Tuesday, July 29, 2008

Spider-Man Theology

Last night we watched a DVD of Spider-Man 3 and I was struck by the film's exploration of some key theological themes. One was the destructive reality of sin in our lives. Peter Parker aka Spider-Man is shown to be so obsessed with his own fame and success that he is incapable of sympathising with his troubled sweetheart, Mary Jane. For Parker, it is all "me, me, me". He wants to propose to MJ and shares his plans with aunt May. She kindly offers him her own engagement ring, but warns him that a husband has to put his wife before himself. Parker realises that he cannot do this. Ultimately his insensitivity coupled with flirtation with other girls alienates MJ and their relationship founders.

Early in the film we see a black substance, which turns out to be an alien symbiote attach itself to Peter's scooter. The symbiote creates a new supercharged spidey-suit that gives Spider-Man extra powers. But it also makes Peter more aggressive and vengeful. It is explained that the symbiote amplifies the characteristics of its host. Parker is aware of the destructiveness of this amplified self-expression, but he enjoys the power boost he gets from wearing the black suit. The question is raised, "How long can any man fight the darkness... before he finds it in himself?" This is a reminder that the human heart is a heart of darkness. It is from within that that all manner of wickedness flows (Jeremiah 17:9, Mark 7:21-23). Parker vengefully hunts down Flint Marko, the "Sandman" who killed his uncle and tries to wipe him out. Then he gets into a fight with his best friend, Harry, tossing a grenade at him for good measure. When a work-rival Eddie Brock steals his job, Parker spitefully exposes his photographic fraud just to get his own back. Peter has forgotten the last words of his uncle that "with great power comes great responsibility."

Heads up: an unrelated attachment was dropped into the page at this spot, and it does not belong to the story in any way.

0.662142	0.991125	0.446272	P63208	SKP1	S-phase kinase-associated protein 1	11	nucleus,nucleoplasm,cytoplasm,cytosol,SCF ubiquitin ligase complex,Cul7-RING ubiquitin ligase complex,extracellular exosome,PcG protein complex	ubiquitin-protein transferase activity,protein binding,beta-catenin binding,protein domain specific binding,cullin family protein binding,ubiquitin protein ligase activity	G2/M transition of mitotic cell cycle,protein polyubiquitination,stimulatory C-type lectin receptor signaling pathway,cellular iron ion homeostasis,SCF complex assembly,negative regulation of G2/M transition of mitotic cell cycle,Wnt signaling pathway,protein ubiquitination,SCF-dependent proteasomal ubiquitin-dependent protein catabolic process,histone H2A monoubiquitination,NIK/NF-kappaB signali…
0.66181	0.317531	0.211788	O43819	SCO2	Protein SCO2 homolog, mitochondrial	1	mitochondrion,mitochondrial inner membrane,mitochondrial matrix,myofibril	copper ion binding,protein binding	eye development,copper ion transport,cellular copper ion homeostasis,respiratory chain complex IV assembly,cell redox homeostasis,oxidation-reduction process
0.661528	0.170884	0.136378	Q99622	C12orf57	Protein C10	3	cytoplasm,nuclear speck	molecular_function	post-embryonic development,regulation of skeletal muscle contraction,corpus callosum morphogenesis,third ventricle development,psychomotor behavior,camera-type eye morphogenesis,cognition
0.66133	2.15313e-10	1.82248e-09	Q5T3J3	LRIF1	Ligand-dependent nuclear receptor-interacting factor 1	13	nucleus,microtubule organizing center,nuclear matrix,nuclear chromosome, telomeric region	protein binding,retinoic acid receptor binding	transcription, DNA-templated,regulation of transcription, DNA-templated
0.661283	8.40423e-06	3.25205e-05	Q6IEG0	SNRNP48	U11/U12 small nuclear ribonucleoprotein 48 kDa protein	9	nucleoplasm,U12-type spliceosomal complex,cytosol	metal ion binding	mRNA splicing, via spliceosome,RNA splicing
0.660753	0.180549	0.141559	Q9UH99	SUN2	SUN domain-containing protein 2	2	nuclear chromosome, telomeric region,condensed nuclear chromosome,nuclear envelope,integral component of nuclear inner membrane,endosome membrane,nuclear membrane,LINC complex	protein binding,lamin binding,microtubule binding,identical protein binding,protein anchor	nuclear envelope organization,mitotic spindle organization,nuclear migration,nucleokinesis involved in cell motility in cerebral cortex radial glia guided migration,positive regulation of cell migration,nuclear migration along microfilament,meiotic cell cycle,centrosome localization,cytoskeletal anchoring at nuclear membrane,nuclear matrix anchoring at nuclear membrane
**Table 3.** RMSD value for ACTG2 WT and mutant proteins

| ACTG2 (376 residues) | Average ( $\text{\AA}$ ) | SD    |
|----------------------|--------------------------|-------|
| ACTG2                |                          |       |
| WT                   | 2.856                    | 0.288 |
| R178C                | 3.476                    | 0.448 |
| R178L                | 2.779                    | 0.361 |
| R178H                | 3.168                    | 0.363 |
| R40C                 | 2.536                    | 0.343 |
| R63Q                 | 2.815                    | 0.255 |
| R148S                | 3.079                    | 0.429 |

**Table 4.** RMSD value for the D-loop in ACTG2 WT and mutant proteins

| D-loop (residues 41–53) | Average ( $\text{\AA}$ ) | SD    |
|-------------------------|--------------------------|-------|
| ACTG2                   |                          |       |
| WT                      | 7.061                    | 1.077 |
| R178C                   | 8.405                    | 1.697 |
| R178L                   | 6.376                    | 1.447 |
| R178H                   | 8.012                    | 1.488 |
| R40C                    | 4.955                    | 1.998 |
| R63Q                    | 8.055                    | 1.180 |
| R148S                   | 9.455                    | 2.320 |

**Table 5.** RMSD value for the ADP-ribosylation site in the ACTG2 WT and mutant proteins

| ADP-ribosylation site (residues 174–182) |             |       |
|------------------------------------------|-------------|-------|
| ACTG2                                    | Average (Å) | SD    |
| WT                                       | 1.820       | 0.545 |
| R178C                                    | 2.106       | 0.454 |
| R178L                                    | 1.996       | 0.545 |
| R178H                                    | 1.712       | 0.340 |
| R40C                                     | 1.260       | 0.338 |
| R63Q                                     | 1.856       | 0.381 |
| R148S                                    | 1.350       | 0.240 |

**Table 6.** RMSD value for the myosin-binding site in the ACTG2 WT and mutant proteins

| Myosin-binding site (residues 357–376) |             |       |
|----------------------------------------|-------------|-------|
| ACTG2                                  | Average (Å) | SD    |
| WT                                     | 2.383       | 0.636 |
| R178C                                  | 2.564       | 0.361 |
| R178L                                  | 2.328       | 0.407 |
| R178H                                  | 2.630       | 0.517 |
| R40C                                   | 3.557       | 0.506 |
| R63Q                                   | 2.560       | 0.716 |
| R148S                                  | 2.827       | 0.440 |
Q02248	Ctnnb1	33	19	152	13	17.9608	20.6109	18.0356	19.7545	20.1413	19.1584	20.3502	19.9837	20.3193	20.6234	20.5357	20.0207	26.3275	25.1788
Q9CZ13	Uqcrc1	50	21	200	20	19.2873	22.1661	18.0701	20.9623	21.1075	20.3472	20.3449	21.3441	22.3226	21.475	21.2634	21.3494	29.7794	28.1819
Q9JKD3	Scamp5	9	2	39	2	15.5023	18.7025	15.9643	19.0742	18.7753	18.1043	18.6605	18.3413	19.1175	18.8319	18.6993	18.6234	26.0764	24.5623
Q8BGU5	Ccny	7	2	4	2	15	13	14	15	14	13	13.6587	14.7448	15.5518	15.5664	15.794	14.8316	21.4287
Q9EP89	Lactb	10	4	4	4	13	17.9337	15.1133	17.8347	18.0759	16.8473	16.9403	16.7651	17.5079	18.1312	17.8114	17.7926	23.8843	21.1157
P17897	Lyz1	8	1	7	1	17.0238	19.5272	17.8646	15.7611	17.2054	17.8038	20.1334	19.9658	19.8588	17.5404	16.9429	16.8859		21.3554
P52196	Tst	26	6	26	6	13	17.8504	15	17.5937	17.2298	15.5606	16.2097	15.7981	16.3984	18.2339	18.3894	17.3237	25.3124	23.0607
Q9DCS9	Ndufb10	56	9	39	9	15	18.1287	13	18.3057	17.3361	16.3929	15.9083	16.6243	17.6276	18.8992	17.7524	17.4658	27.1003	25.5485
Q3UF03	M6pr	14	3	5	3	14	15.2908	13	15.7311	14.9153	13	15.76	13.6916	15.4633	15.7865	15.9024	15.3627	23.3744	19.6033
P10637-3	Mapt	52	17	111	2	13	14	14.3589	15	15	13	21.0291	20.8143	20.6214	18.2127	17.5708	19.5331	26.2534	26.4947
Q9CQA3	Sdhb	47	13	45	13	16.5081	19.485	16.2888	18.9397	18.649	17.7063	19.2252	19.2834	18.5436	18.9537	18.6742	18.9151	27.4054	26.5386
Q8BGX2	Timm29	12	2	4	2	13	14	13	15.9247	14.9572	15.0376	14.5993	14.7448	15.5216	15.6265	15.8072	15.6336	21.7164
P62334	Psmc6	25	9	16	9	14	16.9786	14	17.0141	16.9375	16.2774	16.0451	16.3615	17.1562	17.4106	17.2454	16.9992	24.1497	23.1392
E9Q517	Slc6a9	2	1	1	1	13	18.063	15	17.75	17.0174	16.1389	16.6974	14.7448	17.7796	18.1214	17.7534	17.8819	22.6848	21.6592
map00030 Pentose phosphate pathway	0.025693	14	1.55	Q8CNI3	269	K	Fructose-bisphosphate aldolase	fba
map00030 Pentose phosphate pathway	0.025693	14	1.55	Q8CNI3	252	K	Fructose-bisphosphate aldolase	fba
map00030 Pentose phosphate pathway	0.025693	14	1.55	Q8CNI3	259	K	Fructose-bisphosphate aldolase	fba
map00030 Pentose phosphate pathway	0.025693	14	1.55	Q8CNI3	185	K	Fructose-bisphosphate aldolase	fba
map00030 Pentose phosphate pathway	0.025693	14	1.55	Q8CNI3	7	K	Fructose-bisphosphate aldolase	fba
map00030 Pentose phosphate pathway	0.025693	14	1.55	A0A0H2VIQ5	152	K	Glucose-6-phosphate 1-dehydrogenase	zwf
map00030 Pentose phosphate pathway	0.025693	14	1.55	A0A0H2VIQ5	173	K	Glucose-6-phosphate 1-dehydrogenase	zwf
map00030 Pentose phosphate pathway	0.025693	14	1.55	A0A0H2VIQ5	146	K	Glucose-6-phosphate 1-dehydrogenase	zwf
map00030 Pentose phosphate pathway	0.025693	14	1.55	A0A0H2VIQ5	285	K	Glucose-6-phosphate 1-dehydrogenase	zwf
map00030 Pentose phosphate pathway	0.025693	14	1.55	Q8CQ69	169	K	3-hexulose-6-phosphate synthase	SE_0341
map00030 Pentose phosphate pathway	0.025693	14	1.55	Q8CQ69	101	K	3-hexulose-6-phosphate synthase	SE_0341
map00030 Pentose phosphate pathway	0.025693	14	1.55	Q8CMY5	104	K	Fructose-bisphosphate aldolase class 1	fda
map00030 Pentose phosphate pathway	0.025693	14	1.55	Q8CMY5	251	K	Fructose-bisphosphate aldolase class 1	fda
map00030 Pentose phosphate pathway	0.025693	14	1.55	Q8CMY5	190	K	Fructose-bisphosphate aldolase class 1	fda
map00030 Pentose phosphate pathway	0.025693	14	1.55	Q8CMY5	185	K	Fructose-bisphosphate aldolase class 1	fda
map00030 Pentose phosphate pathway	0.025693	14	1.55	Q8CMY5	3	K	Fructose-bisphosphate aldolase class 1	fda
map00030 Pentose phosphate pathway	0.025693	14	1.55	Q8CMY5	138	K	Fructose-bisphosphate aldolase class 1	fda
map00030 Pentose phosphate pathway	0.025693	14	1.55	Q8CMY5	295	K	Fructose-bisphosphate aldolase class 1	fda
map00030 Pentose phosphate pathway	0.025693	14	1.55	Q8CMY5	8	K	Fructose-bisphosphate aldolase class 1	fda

Eventually Parker frees himself of the symbiote, which then attaches itself to Brock. He then takes the form of Venom, a kind of evil Spider-Man. Together with the Sandman, Brock takes MJ hostage to get at Spider-Man. Peter Parker asks Harry to help him defeat his foes and save MJ. Initially he refuses, but when his butler reveals that Spider-Man did not kill his father, he zooms to Spider-Man's assistance. Together they defeat Venom and the Sandman, but at a cost. Harry is fatally wounded saving his old friend Peter Parker. Harry and Peter are reconciled before Harry dies. There are echoes here of Jesus' words, "Greater love has no-one than this than to lay down one's life for his friends." (John 15:13). The Sandman reappears in the human form of Flint Marko and explains to Peter that he only stole money to help his sick daughter and that he did not mean to kill Parker's uncle. The cycle of violence and revenge is ended in a cathartic moment as Parker says, "I forgive you." Marko breaks down into dust and is blown away. MJ and Peter begin to mend their relationship in the wake of Harry's funeral.

The sinfulness of human nature, the futility of revenge, the grace of forgiveness and the reconciling power of self-sacrifice are all given powerful expression in this film. Towards the end of the movie, a repentant Peter Parker reflects, "Whatever battles rages inside us, we always have a choice… it’s the choices that make us who we are, and we can always choose to do right." God will certainly hold us accountable for our choices. But the Calvinist in me balks at the suggestion that, "we can always choose to do right". The human predicament is worse than Spider-Man suggests. As Jesus says, "whoever commits sin is a slave of sin" (John 8:34). By nature we "love darkness rather than light because our deeds are evil" (John 3:19). Our hope is not in unaided freedom of choice, because the very choices we make are skewed by slavery to sin. We need One who can liberate us from our thralldom to the dark power of sin. Who can do this? Such a liberation is beyond the power of the greatest Superhero. But Jesus said, "if the Son makes you free you shall be free indeed." (John 8:36). The Lord Jesus laid down his life to 'break the power of cancelled sin and set the prisoner free'. In him we can walk in light and liberty. Even for the believer there is still a struggle against sin as "the flesh lusts against the Spirit and the Spirit against the flesh, so you do not do the things that you wish." (Galatians 5:17). But we know that "sin shall not have dominion over you, for you are not under law but under grace." (Romans 6:14).

We saw Spider-Man 3 in the cinema when it first came out. But it is only on watching the DVD last night that the "theology" of the film really hit home. It goes to show that even a big Hollywood blockbuster can thrown some light on the human condition, even if that light needs to be further illuminated by the gospel of Christ.

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